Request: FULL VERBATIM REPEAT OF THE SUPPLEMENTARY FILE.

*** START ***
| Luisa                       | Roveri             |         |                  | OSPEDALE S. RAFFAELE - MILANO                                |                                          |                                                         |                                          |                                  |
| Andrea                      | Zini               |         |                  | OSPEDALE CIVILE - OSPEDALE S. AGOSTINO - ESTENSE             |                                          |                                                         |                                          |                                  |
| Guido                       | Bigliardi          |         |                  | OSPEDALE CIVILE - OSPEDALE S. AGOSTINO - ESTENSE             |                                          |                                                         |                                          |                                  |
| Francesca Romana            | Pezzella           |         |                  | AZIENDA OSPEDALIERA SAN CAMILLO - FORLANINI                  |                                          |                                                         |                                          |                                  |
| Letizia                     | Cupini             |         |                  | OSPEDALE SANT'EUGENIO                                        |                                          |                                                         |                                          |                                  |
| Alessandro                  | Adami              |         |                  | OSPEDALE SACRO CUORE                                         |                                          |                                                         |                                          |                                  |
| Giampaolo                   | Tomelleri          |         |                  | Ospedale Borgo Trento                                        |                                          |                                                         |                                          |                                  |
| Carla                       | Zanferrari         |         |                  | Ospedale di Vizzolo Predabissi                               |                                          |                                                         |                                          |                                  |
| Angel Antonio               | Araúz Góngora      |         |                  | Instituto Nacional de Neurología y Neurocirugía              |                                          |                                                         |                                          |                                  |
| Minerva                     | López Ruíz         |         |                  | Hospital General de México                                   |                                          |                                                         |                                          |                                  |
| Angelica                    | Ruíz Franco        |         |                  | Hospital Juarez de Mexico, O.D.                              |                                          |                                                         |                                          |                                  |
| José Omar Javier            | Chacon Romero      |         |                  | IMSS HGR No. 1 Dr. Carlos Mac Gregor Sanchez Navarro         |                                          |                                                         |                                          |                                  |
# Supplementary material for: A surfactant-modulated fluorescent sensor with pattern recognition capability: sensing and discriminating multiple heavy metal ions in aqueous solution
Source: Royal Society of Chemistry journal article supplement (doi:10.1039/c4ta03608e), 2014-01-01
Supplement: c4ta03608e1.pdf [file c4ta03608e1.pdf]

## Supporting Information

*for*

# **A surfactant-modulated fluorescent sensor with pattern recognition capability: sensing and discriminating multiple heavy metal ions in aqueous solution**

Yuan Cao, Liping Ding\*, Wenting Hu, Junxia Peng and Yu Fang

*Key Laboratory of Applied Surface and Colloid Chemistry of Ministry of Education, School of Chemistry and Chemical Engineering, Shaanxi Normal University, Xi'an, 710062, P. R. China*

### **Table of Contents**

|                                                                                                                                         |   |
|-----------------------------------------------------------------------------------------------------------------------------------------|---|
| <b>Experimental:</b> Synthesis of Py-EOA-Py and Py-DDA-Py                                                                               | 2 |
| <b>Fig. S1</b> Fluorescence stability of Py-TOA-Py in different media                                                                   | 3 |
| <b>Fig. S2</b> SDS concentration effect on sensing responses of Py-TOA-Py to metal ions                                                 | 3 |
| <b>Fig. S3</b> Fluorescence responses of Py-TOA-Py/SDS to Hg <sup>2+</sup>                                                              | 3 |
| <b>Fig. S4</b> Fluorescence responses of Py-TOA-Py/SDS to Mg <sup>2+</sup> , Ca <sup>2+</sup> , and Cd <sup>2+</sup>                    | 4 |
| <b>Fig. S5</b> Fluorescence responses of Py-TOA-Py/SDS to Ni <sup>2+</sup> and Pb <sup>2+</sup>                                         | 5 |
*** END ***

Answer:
| Luisa                       | Roveri             |         |                  | OSPEDALE S. RAFFAELE - MILANO                                |                                          |                                                         |                                          |                                  |
| Andrea                      | Zini               |         |                  | OSPEDALE CIVILE - OSPEDALE S. AGOSTINO - ESTENSE             |                                          |                                                         |                                          |                                  |
| Guido                       | Bigliardi          |         |                  | OSPEDALE CIVILE - OSPEDALE S. AGOSTINO - ESTENSE             |                                          |                                                         |                                          |                                  |
| Francesca Romana            | Pezzella           |         |                  | AZIENDA OSPEDALIERA SAN CAMILLO - FORLANINI                  |                                          |                                                         |                                          |                                  |
| Letizia                     | Cupini             |         |                  | OSPEDALE SANT'EUGENIO                                        |                                          |                                                         |                                          |                                  |
| Alessandro                  | Adami              |         |                  | OSPEDALE SACRO CUORE                                         |                                          |                                                         |                                          |                                  |
| Giampaolo                   | Tomelleri          |         |                  | Ospedale Borgo Trento                                        |                                          |                                                         |                                          |                                  |
| Carla                       | Zanferrari         |         |                  | Ospedale di Vizzolo Predabissi                               |                                          |                                                         |                                          |                                  |
| Angel Antonio               | Araúz Góngora      |         |                  | Instituto Nacional de Neurología y Neurocirugía              |                                          |                                                         |                                          |                                  |
| Minerva                     | López Ruíz         |         |                  | Hospital General de México                                   |                                          |                                                         |                                          |                                  |
| Angelica                    | Ruíz Franco        |         |                  | Hospital Juarez de Mexico, O.D.                              |                                          |                                                         |                                          |                                  |
| José Omar Javier            | Chacon Romero      |         |                  | IMSS HGR No. 1 Dr. Carlos Mac Gregor Sanchez Navarro         |                                          |                                                         |                                          |                                  |
# Supplementary material for: A surfactant-modulated fluorescent sensor with pattern recognition capability: sensing and discriminating multiple heavy metal ions in aqueous solution
Source: Royal Society of Chemistry journal article supplement (doi:10.1039/c4ta03608e), 2014-01-01
Supplement: c4ta03608e1.pdf [file c4ta03608e1.pdf]

## Supporting Information

*for*

# **A surfactant-modulated fluorescent sensor with pattern recognition capability: sensing and discriminating multiple heavy metal ions in aqueous solution**

Yuan Cao, Liping Ding\*, Wenting Hu, Junxia Peng and Yu Fang

*Key Laboratory of Applied Surface and Colloid Chemistry of Ministry of Education, School of Chemistry and Chemical Engineering, Shaanxi Normal University, Xi'an, 710062, P. R. China*

### **Table of Contents**

|                                                                                                                                         |   |
|-----------------------------------------------------------------------------------------------------------------------------------------|---|
| <b>Experimental:</b> Synthesis of Py-EOA-Py and Py-DDA-Py                                                                               | 2 |
| <b>Fig. S1</b> Fluorescence stability of Py-TOA-Py in different media                                                                   | 3 |
| <b>Fig. S2</b> SDS concentration effect on sensing responses of Py-TOA-Py to metal ions                                                 | 3 |
| <b>Fig. S3</b> Fluorescence responses of Py-TOA-Py/SDS to Hg <sup>2+</sup>                                                              | 3 |
| <b>Fig. S4</b> Fluorescence responses of Py-TOA-Py/SDS to Mg <sup>2+</sup> , Ca <sup>2+</sup> , and Cd <sup>2+</sup>                    | 4 |
| <b>Fig. S5</b> Fluorescence responses of Py-TOA-Py/SDS to Ni <sup>2+</sup> and Pb <sup>2+</sup>                                         | 5 |